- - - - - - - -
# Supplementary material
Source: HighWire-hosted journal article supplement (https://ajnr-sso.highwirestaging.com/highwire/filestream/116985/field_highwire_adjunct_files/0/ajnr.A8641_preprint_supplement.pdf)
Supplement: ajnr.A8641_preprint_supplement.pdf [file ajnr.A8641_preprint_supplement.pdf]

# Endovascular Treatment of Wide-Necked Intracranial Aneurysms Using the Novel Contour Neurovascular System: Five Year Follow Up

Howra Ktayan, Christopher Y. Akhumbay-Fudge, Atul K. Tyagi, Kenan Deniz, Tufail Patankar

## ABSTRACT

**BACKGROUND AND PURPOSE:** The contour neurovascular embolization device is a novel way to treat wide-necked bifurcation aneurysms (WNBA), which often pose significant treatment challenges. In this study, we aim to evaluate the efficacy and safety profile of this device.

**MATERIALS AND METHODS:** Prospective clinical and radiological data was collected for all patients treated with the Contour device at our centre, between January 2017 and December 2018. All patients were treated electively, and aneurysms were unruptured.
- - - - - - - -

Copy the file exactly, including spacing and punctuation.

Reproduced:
# Supplementary material
Source: HighWire-hosted journal article supplement (https://ajnr-sso.highwirestaging.com/highwire/filestream/116985/field_highwire_adjunct_files/0/ajnr.A8641_preprint_supplement.pdf)
Supplement: ajnr.A8641_preprint_supplement.pdf [file ajnr.A8641_preprint_supplement.pdf]

# Endovascular Treatment of Wide-Necked Intracranial Aneurysms Using the Novel Contour Neurovascular System: Five Year Follow Up

Howra Ktayan, Christopher Y. Akhumbay-Fudge, Atul K. Tyagi, Kenan Deniz, Tufail Patankar

## ABSTRACT

**BACKGROUND AND PURPOSE:** The contour neurovascular embolization device is a novel way to treat wide-necked bifurcation aneurysms (WNBA), which often pose significant treatment challenges. In this study, we aim to evaluate the efficacy and safety profile of this device.

**MATERIALS AND METHODS:** Prospective clinical and radiological data was collected for all patients treated with the Contour device at our centre, between January 2017 and December 2018. All patients were treated electively, and aneurysms were unruptured.